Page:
MANILA — The cockfights started promptly at 3 p.m., in a flurry of blood and feathers.
The first bout pitted Mike Romulo's prize fighting cock, A.M.R.--the initials are also those of Romulo's new son--against a slightly tougher rooster owned by another wealthy breeder.
Moments before the event, thousands of spectators, rich and poor, had shouted out their bets, thousands of dollars in all, as the two owners stroked their fighting birds in the cockpit, preparing them for battle in the center of Manila's cavernous Araneta Coliseum.
When the betting finished, two officials known as "gaffers" slipped the sheaths off the three-inch blades fastened to the cocks' left legs and carefully wiped the blades with cotton soaked in alcohol. Then, with a final shout from the announcer, the fight began.
The birds studied each other for a split second. Suddenly, they closed in, pecking and clawing and ripping. They rose high in the air, four feet or more, and then slammed back to earth with a thud.
$1,000 Investment Gone
Twenty seconds after the fight began, it was over. Romulo's prize fighting cock gasped and fell over with its throat torn, a $1,000 investment gone in less than half a minute. Thousands of dollars in bets had been lost, much of it by peasants and day laborers. Yet it was just the beginning of a cockfighting marathon.
By the time the two-day National Slasher Championship Derby ended 36 hours later, after midnight on a recent Sunday, the cockpit was spattered with the blood of 71 roosters. Thirty-nine wealthy breeders had gambled and lost more than $20,000, and the spectators had gambled away an estimated $400,000 more.
In the fluorescent glare of the Araneta Coliseum, one would not have been aware that the Philippine nation was in the throes of its worst economic and political crisis since World War II, that unemployment and underemployment topped 50%, that the most revered prelate in this overwhelmingly Catholic nation, Cardinal Jaime Sin, had declared a few hours earlier that despite the revolt that brought down the authoritarian President Ferdinand E. Marcos in February, "The rich are starting to give in to the temptation of greed once more. The number of poor is increasing."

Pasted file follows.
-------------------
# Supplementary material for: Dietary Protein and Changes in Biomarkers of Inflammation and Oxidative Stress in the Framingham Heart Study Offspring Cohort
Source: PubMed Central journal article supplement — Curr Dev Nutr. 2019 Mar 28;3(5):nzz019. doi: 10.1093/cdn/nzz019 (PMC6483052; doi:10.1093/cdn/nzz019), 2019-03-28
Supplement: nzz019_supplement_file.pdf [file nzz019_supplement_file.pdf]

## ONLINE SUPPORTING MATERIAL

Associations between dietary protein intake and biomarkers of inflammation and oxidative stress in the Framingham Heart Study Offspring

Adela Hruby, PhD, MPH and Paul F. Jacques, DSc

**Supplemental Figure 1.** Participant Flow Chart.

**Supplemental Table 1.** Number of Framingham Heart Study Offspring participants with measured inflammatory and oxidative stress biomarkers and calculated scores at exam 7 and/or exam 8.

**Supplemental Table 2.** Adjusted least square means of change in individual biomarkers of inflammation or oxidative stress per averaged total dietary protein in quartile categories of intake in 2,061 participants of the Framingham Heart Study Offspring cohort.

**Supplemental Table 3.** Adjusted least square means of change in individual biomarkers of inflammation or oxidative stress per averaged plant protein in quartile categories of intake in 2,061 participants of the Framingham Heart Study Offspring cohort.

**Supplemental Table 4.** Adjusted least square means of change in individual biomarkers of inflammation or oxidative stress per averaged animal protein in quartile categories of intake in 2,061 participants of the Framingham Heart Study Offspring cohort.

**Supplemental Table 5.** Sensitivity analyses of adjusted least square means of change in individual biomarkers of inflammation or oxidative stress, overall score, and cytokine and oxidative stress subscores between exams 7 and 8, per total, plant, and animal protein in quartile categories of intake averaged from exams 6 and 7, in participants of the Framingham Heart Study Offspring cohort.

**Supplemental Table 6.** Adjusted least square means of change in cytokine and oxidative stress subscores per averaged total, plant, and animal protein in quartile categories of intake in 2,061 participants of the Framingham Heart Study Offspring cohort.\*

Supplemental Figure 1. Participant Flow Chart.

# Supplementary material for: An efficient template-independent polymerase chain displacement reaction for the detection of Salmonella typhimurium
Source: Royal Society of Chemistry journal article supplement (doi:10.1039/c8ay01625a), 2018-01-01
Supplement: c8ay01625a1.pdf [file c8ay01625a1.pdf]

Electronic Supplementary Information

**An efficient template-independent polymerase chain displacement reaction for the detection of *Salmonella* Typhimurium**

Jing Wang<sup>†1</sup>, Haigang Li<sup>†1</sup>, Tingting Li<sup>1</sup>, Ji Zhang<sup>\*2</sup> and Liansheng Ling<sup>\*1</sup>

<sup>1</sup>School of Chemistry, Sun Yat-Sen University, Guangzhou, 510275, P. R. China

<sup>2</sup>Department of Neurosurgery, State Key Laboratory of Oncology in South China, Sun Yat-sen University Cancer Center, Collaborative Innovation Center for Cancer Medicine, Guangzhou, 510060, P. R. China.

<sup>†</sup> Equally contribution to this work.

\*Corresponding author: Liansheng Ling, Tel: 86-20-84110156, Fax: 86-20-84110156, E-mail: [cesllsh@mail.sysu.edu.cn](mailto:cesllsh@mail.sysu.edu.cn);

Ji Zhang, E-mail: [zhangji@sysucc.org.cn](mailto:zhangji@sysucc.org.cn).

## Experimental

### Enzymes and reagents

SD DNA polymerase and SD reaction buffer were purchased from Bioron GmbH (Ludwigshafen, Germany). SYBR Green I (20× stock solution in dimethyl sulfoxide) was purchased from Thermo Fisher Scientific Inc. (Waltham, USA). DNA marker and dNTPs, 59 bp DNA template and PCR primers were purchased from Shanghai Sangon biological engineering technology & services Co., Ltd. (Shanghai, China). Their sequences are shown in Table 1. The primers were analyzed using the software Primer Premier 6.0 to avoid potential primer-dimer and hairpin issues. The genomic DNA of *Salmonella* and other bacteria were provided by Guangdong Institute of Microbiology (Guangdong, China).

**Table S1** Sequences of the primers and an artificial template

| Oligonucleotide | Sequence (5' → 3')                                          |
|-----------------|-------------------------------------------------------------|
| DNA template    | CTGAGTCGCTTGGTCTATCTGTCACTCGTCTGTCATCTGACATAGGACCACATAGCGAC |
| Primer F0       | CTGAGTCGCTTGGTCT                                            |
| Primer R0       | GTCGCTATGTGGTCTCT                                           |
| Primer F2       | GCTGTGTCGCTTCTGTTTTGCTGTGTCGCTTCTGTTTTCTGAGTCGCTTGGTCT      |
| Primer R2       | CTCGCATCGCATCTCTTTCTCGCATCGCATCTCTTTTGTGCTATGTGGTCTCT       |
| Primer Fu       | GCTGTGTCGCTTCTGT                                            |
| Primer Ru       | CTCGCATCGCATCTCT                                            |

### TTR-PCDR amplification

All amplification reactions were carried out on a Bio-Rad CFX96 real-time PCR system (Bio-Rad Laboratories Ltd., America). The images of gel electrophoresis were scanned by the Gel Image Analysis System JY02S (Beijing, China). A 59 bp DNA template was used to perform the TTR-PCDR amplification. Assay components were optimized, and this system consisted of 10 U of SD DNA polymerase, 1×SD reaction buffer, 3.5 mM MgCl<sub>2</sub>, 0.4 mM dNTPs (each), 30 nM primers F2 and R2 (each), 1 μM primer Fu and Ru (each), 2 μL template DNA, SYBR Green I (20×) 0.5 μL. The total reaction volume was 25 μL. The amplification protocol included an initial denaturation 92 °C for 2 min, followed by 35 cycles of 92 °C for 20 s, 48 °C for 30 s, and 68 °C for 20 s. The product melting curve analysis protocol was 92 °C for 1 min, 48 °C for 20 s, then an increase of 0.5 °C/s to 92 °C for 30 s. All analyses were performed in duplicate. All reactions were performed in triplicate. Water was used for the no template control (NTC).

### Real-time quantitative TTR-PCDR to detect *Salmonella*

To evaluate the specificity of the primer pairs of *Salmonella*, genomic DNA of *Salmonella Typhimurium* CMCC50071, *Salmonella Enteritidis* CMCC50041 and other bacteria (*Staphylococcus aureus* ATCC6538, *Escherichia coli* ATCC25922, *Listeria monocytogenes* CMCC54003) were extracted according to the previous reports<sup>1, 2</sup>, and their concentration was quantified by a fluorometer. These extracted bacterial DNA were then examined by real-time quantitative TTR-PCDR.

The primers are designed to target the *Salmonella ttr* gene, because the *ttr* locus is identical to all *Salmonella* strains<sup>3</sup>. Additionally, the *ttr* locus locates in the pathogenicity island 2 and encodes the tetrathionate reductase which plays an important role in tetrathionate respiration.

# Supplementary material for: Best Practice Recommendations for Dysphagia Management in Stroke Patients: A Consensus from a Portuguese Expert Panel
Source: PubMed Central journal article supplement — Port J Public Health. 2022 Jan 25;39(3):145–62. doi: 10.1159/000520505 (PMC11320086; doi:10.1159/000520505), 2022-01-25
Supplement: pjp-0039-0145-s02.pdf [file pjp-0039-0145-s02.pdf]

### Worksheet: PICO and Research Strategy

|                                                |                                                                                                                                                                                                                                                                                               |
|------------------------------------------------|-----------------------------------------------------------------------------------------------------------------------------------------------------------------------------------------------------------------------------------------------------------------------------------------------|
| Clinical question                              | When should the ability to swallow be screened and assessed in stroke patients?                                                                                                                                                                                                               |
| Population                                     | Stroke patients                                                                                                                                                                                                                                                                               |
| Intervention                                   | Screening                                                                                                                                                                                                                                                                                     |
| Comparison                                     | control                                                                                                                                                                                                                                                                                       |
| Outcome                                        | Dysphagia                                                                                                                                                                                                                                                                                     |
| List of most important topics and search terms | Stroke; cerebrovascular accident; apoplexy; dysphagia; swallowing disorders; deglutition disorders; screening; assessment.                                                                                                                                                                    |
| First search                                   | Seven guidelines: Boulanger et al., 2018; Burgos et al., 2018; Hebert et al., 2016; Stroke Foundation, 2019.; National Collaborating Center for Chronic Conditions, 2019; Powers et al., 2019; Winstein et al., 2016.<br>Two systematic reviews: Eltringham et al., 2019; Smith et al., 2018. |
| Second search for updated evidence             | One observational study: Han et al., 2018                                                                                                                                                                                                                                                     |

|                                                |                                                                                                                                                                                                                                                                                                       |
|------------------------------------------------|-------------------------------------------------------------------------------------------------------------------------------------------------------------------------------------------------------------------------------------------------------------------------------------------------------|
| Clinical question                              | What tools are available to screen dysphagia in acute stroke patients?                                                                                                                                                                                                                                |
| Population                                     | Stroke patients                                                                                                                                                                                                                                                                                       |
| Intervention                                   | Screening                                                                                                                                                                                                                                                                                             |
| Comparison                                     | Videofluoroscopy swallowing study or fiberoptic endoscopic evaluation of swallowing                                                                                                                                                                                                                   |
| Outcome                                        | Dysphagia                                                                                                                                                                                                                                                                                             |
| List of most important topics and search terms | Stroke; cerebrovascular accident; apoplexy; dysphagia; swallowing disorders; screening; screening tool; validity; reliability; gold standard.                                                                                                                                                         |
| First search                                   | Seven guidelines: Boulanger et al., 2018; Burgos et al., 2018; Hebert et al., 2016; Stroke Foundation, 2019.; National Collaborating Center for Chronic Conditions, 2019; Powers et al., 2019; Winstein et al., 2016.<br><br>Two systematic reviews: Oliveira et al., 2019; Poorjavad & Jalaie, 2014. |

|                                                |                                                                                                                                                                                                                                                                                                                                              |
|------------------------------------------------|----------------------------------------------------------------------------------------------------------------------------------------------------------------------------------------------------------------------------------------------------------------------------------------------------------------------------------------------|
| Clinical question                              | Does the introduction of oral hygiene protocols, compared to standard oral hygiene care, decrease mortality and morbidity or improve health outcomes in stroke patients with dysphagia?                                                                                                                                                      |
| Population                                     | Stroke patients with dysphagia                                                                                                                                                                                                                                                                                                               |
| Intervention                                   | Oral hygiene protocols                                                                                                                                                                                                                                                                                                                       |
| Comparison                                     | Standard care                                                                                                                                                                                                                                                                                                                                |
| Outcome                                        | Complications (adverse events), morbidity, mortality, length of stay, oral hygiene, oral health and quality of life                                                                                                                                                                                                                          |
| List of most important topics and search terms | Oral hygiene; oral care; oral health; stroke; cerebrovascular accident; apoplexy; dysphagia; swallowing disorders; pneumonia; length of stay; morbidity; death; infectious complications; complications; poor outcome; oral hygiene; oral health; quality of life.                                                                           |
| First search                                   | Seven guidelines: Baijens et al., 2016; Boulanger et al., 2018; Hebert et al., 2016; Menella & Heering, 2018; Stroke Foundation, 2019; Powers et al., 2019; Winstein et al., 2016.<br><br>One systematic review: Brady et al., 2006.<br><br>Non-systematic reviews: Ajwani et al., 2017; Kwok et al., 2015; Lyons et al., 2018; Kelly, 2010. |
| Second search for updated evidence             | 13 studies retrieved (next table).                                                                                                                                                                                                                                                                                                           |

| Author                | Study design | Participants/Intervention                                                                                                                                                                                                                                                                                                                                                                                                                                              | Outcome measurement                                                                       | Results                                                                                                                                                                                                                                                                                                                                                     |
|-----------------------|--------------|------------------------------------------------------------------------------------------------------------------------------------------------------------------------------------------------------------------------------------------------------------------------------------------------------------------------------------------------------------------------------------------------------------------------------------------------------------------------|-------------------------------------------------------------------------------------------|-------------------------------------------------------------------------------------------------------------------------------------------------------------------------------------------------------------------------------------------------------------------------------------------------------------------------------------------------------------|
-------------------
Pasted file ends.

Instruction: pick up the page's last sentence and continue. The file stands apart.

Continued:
Exploits the Poor
The promoters conceded that cockfighting exploits the poor most of all, but they and other Filipinos saw a more important message in the event's popularity and success: Despite the crises, the Filipino people have not forgotten how to have fun.
Indeed, according to breeder Romulo, Filipinos are looking increasingly to amusements like cockfighting as "a kind of therapy" to cope with the grim realities of life. Romulo is not alone in this belief. Many Filipinos have expressed similar sentiments in recent weeks as the government of President Corazon Aquino has seemed to be fraying at the edges.
In recent days, this colorful capital city has witnessed many scenes of escapism, scenes that illustrate not simply the Filipino ability to use laughter and amusement as a tonic for despair, but also the breadth of the nation's creativity.
One night, for example, as Aquino and 1,000 of her supporters marked the third anniversary of her husband's assassination at a formal dinner party, the entire island of Luzon, the nation's largest and most populous, went totally dark.
The blackout triggered near-panic throughout Manila and outlying provinces as it prompted fears that a countercoup was in progress or that the nation's Communist rebels were trying to seize power.
But it hardly seemed to matter to the president and her friends in the ballroom of the Manila Hotel. Izzy de Guzman's 14-piece band struck up "Quirico Mamba." Five scantily clad singers took up the rhythm. More than half of Aquino's Cabinet ministers took to the dance floor.
The president's military chief of staff, Gen. Fidel V. Ramos, sent a note up to the master of ceremonies announcing that the president had issued an official proclamation permitting all men in the now sweltering ballroom to remove their coats--"but only their coats."
The following night, at a downtown cultural center, some of the Philippines' most talented actors and actresses gathered for a performance of a play called "Bongbong and Kris," which has become the hottest ticket in town. The play, a comedy, is set in the year 1991, and it bears witness to just how free the Philippines has become since the overthrow of the Marcos regime.
Playing on a lingering fear that forces loyal to the deposed president are planning a violent assault on the Aquino government, the play portrays Marcos' son, Ferdinand, whose nickname is Bongbong, as the leader of an armed band of pro-Marcos guerrillas fighting the government from the mountains north of Manila.